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Debt relief companies are often not the answer

Debts can become overwhelming at any time, but especially now, when so many are unemployed and struggling through the COVID-19 pandemic, sequestered at home with little income flowing.

Those who seek out companies to help them consolidate their debt and pay it off in three or four years often find they’ve been duped and that the company they contracted with is doing little to help diminish debt while collecting a handsome monthly payment from desperate consumers.

In many instances, simply contacting individual companies to reach an agreement can do just as much for a consumer, or more, than hiring a debt relief firm, said National Consumer Law Center Attorney Andrew Pizor.

Calling a bankruptcy lawyer is another possibility.

RELATED: Filing a complaint with the Consumer Financial Protection Bureau

RELATED: Bankruptcies way down in spite of economic crisis

The federal Consumer Financial Protection Bureau works to make sure companies don’t take advantage of desperate consumers. For instance, last year the CFPB settled a lawsuit it brought against Freedom Debt Relief, one of the larger debt relief companies. The company agreed to pay $20 million in restitution to consumers affected by its practices and a $5 million civil penalty.

Pizor applauded the CPFB for acting against Freedom and forcing it to pay restitution..

Andrew Pizor

 “Debt settlement and similar programs offered by companies like Freedom often do more harm than good and turn out to be a waste of money,” Pizor said at the time. “Consumers should talk to their creditors directly and do their own debt settlement negotiations, or they should talk to a qualified consumer bankruptcy attorney.”

Pizor, in a recent interview, called debt relief scams “a multi-million-dollar problem.” Some states regulate how these companies operate and some limit this business to only nonprofit agencies. 

The only federal law regulating such businesses relates to the Telemarketing Sales Act.

“There is a lot of evasion and deception,” Pizor said.

There is research that includes a survey of creditors that shows they do not give these debt settlement companies deals any better than if consumers call directly, he said. 

Pizor recommends going to a nonprofit credit counselor who can devise a plan for a consumer, help set a budget and teach consumers how to reach out to creditors. Two of the more prominent accreditation institutions are the Council On Accreditation and the International Organization for Standardization. Nonprofit credit counseling agencies receive grants that provide an incentive for them to uphold standards. FInd a counselor accredited by one of these agencies.

Get help from your state

Pizor says people who feel they have been taken advantage of by debt relief companies can also contact their state attorney general or consumer protection department.

“They will try to get in touch with the debt relief company and try to mediate,” he said. “They won’t act as your lawyer or insist on cancelling the contract, but people do get a response. If you file a complaint with the CFPB, which can regulate and take enforcement action,” debt relief companies will respond, because they know the consequences of ignoring this federal agency, he said.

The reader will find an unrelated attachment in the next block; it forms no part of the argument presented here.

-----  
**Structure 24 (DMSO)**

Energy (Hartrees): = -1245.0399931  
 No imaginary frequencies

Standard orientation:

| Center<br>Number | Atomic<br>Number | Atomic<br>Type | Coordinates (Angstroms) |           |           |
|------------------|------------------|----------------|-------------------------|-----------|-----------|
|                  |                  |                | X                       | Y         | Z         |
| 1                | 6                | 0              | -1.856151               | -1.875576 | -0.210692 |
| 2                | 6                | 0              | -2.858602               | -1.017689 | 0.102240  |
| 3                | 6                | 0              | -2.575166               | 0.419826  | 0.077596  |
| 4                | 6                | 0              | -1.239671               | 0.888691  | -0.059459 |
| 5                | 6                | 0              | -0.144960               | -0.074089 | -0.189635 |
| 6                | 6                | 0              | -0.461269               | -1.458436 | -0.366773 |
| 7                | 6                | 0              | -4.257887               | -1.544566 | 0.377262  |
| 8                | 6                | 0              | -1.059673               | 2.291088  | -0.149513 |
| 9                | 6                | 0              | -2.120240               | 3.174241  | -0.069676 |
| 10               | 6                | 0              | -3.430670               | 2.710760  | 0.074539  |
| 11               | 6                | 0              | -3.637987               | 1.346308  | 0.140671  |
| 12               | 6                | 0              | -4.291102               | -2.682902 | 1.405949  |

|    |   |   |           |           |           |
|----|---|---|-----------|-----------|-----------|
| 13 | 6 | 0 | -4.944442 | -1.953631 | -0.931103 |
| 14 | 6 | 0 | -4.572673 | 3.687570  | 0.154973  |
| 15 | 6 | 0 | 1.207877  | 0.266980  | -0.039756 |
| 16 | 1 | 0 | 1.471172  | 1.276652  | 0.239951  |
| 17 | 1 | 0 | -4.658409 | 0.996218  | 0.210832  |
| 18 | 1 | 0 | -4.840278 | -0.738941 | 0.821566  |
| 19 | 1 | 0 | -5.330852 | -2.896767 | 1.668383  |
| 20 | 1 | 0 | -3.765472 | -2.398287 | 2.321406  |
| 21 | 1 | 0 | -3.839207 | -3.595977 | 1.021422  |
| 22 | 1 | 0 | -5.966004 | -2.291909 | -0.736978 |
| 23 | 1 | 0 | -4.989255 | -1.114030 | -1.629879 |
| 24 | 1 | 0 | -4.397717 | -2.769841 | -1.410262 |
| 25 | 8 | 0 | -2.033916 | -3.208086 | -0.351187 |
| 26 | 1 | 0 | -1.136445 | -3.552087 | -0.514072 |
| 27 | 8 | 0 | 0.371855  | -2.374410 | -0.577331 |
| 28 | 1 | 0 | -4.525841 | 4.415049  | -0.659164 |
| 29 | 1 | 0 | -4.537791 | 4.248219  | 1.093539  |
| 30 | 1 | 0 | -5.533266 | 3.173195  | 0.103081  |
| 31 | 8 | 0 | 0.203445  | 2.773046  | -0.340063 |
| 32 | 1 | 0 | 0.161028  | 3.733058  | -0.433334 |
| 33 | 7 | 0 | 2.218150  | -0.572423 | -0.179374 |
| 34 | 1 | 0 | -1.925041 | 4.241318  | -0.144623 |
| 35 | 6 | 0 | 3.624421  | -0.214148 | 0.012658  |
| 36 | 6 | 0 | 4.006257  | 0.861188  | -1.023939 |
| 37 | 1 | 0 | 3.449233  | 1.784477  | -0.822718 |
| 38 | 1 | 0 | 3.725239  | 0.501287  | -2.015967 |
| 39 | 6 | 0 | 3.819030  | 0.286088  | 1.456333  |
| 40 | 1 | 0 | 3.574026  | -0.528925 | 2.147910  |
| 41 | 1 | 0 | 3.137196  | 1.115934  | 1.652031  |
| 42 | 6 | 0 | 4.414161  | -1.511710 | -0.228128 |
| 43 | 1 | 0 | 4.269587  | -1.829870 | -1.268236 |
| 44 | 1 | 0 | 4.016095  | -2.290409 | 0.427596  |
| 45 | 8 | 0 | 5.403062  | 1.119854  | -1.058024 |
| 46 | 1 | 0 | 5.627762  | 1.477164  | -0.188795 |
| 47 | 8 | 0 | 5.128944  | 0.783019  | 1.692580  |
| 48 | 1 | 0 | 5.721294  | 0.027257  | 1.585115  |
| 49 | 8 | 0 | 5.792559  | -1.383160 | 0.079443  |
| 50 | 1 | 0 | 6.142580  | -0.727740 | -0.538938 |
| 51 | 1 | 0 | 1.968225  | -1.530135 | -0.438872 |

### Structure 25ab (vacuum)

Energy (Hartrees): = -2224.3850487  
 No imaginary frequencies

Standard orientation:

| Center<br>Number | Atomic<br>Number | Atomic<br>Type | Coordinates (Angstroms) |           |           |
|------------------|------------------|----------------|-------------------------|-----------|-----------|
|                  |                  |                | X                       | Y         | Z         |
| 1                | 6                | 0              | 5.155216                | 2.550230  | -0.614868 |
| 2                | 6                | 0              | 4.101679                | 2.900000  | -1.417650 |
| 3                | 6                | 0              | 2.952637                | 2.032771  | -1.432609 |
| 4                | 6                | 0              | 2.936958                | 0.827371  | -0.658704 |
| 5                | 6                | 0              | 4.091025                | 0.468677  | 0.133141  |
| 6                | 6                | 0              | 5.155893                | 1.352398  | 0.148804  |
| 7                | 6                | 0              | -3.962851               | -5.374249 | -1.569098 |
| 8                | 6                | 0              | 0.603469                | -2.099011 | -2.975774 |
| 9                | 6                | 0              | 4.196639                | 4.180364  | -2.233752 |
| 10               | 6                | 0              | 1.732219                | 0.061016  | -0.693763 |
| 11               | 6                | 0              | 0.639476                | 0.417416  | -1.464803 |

“These companies are particularly good salesmen and prey on people desperate to control their finances,’’ Pizor said. “Then, they take them for a ride.”

When to choose bankruptcy

Linda Worton Jackson, chair of the Bankruptcy/Restructuring and Corporate Transactions Groups with the Pardo Jackson law firm in Miami, said it costs no more to have a bankruptcy lawyer review your case and guide you than it does to pay a debt relief company to do it.

“It’s very difficult to know which of the debt relief companies are legit and they have many hidden fees,” she said. “The best thing to do is go to a lawyer. You are safer doing that than giving out all your personal information to a debt relief company.”

The best thing a company or individual can do is determine together the best type of bankruptcy to file or whether you are better off dealing with creditors directly, Jackson said.

“In general terms, if you are an individual or business that wants to eliminate debt and will no longer continue doing business, you just want to call it a day, you file for Chapter 7.” 

Your case is immediately turned over to a court-appointed trustee who will divvy up your assets to creditors and you walk away.

The trustee will look into your records to see if you have made inappropriate transfers or determine if you have the money to pay off creditors, to make sure you really need to file Chapter. 7.

“If the trustee finds you have the means to pay back creditors, the next would be a Chapter 13, which is for individuals or small businesses with low dollar amounts of debts,” Jackson said. “On day one you file a five-year plan to pay off your creditors.” Your lawyer can help you develop that plan.

The third type of bankruptcy is Chapter 11.

 “That can be for a wealthy individual or a business. It allows you to continue your business or your life and to stay in control of your assets. You don’t lose your house or business,” Jackson said. “This is the Macys and the Kmarts of the world who have repeatedly filed Chapter 11 and re-emerged. The idea in this is to file a plan which provides for payments to all your creditors and it can be done on the first day or months later.

Chapter 11 typically involves a lot of negotiation, she said.

 “One of the benefits is it gives you the opportunity to put a stop on everything, including foreclosures and creditors and bring it all under one roof so you can negotiate your plan.”